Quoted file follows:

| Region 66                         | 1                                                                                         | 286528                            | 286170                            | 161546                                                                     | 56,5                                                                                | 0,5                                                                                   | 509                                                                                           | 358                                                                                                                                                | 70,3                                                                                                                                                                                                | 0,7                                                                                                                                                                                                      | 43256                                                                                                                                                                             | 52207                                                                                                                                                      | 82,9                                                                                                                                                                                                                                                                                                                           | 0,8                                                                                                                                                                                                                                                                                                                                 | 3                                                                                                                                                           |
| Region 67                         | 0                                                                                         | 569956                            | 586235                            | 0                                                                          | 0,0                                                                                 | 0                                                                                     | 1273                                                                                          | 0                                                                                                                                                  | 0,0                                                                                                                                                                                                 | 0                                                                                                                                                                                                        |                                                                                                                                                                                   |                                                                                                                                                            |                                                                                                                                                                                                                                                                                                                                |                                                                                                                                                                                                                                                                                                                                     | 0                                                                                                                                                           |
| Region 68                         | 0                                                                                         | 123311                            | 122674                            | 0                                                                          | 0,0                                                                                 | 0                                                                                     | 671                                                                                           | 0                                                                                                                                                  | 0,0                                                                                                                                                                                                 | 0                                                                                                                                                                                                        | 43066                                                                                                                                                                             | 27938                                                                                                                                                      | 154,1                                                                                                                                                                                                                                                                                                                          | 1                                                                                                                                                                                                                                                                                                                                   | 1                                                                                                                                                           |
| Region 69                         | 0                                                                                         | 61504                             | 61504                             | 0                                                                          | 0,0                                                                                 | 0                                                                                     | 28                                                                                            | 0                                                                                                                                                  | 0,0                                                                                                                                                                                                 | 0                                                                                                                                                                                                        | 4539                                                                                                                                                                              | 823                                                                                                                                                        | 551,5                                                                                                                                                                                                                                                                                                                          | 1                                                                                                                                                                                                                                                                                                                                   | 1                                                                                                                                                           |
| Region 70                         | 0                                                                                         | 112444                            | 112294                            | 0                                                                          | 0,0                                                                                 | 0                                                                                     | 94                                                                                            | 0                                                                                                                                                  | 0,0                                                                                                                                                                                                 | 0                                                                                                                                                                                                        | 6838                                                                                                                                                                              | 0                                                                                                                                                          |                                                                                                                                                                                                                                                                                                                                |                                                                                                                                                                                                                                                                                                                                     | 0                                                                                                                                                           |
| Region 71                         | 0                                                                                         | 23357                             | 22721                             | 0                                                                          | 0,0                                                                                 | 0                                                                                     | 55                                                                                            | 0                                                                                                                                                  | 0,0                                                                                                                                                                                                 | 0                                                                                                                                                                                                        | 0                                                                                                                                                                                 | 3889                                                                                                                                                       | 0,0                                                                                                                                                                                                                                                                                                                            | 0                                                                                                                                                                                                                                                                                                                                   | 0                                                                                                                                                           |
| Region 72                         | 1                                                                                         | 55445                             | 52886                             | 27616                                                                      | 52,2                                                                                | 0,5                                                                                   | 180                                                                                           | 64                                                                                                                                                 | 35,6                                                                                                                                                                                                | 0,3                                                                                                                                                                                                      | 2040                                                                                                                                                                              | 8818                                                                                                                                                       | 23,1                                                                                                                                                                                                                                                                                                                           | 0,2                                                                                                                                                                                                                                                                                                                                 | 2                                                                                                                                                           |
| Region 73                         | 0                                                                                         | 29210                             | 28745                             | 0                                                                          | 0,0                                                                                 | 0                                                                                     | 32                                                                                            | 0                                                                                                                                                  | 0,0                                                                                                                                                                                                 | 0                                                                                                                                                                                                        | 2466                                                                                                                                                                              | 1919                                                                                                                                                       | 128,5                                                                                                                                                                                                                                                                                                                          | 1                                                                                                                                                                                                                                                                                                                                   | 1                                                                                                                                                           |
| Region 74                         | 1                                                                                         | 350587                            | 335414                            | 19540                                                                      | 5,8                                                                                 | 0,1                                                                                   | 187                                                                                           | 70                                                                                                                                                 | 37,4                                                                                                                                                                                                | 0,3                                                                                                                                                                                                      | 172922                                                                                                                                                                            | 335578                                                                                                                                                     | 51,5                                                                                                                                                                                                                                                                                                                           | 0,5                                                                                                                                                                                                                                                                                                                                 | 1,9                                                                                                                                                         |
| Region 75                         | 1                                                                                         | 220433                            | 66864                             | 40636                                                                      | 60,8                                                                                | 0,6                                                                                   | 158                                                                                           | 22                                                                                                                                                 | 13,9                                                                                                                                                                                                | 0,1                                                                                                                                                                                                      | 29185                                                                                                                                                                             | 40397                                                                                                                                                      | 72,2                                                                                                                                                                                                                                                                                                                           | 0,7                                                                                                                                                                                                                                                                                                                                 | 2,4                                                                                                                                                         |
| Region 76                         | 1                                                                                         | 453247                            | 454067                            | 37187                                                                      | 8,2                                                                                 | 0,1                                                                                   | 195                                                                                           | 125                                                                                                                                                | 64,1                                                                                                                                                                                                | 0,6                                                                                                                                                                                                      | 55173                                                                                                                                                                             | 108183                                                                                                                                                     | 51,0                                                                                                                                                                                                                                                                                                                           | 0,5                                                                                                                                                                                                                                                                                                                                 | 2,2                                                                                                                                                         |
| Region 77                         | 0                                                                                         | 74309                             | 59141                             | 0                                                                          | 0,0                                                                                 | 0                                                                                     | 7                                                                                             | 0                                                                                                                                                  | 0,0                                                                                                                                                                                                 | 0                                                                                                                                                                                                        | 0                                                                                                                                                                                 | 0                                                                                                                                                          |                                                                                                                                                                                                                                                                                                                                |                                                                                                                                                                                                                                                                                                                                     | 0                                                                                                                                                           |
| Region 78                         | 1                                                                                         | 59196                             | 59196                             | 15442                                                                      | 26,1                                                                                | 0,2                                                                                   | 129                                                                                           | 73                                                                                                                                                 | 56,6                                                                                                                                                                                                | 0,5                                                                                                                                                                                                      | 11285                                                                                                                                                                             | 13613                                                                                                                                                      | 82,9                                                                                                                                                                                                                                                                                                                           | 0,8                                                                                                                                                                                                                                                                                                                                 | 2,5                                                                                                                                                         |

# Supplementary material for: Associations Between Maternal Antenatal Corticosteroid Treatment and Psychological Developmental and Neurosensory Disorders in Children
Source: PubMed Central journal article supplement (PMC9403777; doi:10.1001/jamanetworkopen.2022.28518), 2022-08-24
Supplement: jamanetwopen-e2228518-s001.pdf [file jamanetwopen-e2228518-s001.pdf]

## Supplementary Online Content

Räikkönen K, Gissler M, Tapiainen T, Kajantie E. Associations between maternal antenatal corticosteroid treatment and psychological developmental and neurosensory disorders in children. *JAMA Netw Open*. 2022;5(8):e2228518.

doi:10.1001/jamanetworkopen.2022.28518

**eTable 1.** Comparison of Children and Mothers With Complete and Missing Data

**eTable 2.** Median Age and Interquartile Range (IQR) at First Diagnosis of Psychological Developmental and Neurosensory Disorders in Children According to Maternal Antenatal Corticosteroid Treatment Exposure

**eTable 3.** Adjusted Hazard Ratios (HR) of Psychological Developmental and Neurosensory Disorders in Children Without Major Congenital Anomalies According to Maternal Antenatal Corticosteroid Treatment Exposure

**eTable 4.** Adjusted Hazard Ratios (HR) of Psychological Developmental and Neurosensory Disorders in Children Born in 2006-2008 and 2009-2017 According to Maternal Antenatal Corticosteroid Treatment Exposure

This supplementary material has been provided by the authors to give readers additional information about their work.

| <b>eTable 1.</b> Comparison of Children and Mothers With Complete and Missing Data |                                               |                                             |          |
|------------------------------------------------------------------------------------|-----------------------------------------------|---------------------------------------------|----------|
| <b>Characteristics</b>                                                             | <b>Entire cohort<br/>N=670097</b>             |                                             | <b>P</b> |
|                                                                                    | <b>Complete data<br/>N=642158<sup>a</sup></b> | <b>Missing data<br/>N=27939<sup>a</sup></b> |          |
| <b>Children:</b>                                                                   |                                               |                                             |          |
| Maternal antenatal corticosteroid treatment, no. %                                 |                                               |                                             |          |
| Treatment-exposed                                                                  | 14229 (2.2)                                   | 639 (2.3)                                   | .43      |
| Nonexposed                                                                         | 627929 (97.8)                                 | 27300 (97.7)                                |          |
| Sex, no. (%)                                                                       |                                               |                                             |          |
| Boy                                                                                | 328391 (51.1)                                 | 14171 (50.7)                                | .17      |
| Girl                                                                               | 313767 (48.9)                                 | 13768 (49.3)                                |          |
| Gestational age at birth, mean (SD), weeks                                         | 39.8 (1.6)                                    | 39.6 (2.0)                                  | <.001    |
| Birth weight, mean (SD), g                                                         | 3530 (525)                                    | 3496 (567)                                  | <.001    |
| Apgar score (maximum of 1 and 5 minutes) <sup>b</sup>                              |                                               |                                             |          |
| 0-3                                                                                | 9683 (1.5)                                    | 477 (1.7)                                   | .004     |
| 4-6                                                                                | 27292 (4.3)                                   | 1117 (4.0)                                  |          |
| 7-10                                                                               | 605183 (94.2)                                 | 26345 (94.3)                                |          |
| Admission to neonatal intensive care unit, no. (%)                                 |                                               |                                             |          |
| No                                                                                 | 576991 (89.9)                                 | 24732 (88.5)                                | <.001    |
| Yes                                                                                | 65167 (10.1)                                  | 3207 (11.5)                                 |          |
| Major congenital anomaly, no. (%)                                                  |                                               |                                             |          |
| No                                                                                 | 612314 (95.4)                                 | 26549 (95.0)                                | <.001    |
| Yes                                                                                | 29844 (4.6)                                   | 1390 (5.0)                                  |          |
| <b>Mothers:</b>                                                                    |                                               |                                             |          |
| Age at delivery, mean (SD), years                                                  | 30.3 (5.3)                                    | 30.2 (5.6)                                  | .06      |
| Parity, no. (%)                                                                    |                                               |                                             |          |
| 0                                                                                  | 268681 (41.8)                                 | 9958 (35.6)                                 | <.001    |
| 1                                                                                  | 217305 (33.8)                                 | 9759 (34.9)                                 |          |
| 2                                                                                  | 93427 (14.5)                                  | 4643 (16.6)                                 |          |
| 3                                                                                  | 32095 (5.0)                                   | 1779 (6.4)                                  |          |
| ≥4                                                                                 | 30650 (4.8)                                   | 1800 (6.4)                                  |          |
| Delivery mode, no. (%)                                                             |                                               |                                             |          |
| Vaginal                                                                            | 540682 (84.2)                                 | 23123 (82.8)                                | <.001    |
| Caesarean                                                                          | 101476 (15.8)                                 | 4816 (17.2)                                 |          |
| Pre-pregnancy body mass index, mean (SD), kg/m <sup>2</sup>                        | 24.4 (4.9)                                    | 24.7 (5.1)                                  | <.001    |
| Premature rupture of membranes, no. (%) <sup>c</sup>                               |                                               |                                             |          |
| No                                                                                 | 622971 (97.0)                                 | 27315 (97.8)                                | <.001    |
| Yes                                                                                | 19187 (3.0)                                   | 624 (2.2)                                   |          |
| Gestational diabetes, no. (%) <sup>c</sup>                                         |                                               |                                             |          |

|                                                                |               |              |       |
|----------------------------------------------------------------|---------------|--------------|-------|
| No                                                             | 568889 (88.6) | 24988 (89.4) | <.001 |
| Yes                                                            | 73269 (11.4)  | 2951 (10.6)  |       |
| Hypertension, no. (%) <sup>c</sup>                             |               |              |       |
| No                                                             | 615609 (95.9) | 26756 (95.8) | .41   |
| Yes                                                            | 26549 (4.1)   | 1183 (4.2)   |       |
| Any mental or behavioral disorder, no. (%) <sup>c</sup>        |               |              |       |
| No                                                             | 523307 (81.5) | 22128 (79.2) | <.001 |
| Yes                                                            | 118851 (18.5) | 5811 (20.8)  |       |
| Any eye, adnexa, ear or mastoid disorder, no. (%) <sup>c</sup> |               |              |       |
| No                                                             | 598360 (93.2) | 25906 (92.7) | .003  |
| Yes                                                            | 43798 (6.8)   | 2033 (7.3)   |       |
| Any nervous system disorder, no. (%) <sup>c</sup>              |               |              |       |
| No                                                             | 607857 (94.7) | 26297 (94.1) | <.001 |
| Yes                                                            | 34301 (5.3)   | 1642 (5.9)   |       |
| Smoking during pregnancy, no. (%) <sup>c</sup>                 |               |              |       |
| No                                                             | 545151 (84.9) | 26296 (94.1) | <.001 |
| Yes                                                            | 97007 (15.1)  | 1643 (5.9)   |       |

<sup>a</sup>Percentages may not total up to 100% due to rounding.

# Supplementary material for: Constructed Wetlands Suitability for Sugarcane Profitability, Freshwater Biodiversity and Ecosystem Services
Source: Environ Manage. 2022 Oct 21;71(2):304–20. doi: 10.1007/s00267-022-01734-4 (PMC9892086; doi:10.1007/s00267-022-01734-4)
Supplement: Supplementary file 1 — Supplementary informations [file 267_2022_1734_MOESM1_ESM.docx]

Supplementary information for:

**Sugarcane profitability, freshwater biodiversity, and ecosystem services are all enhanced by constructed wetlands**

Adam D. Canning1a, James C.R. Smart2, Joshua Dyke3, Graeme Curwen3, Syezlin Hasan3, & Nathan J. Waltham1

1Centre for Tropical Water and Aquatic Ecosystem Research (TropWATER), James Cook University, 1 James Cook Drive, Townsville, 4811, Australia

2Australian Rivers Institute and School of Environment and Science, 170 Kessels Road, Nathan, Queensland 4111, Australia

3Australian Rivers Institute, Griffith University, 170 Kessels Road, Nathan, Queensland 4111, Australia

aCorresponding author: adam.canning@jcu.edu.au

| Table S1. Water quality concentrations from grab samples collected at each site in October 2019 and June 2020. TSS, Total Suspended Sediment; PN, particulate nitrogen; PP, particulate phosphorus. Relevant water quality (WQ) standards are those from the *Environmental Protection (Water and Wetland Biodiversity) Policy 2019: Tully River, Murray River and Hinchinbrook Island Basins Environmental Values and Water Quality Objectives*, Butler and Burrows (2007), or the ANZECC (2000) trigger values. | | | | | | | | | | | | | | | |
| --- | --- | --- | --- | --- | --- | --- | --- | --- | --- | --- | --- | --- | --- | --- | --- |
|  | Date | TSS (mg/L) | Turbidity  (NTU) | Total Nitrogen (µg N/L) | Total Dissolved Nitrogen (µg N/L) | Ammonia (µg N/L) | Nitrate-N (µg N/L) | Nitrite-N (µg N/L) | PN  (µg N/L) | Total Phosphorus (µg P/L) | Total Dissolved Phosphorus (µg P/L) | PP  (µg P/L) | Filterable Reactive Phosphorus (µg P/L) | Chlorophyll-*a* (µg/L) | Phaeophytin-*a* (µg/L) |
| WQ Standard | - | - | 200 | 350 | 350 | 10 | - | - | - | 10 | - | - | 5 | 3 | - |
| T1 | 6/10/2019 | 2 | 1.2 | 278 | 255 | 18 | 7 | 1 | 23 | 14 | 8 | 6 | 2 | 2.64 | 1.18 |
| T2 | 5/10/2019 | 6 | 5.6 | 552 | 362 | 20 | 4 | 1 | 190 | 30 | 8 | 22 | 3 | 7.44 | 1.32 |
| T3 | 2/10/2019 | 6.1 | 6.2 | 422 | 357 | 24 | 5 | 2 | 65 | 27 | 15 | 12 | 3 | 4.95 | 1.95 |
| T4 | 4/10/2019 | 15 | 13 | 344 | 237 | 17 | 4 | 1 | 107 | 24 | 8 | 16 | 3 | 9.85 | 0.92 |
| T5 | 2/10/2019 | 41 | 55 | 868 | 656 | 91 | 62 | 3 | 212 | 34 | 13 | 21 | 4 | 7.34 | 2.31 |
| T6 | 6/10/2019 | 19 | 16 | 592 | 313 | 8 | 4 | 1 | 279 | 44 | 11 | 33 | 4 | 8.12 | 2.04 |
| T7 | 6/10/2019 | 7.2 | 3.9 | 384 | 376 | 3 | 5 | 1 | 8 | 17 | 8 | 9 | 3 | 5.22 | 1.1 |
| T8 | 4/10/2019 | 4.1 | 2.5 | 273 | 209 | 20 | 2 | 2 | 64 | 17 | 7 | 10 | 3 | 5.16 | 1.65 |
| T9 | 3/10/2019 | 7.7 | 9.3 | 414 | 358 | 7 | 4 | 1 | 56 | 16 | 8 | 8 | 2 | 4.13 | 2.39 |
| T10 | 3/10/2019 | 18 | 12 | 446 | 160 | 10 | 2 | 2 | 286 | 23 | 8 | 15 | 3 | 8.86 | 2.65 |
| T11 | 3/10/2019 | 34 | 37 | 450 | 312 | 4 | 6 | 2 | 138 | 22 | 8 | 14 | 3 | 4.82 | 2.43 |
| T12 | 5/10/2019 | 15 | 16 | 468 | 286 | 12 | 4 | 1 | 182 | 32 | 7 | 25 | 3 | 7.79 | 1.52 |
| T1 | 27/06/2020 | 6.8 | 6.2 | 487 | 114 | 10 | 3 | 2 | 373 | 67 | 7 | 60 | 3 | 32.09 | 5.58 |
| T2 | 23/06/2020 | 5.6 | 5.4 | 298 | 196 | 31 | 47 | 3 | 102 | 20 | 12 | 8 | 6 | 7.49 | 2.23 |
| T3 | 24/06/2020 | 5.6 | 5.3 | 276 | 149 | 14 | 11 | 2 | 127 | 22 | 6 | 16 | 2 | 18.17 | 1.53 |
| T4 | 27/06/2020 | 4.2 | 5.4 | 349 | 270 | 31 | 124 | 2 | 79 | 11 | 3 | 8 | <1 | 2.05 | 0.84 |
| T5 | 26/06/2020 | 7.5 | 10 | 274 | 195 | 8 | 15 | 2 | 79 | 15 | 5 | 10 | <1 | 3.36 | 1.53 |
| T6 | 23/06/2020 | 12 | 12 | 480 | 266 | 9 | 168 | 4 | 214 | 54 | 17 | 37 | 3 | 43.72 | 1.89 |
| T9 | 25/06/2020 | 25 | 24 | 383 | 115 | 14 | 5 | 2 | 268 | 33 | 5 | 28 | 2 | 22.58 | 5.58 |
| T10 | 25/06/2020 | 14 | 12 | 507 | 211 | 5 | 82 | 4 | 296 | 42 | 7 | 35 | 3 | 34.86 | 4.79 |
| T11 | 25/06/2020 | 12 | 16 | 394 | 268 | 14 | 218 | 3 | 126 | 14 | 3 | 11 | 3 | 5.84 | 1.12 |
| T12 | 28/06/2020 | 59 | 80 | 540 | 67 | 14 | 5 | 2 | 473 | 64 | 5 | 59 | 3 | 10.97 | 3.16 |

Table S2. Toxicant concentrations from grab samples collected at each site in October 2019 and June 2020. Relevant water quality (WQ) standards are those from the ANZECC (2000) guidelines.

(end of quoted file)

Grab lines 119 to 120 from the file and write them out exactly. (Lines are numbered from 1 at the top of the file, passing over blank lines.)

| T12 | 28/06/2020 | 59 | 80 | 540 | 67 | 14 | 5 | 2 | 473 | 64 | 5 | 59 | 3 | 10.97 | 3.16 |

Table S2. Toxicant concentrations from grab samples collected at each site in October 2019 and June 2020. Relevant water quality (WQ) standards are those from the ANZECC (2000) guidelines.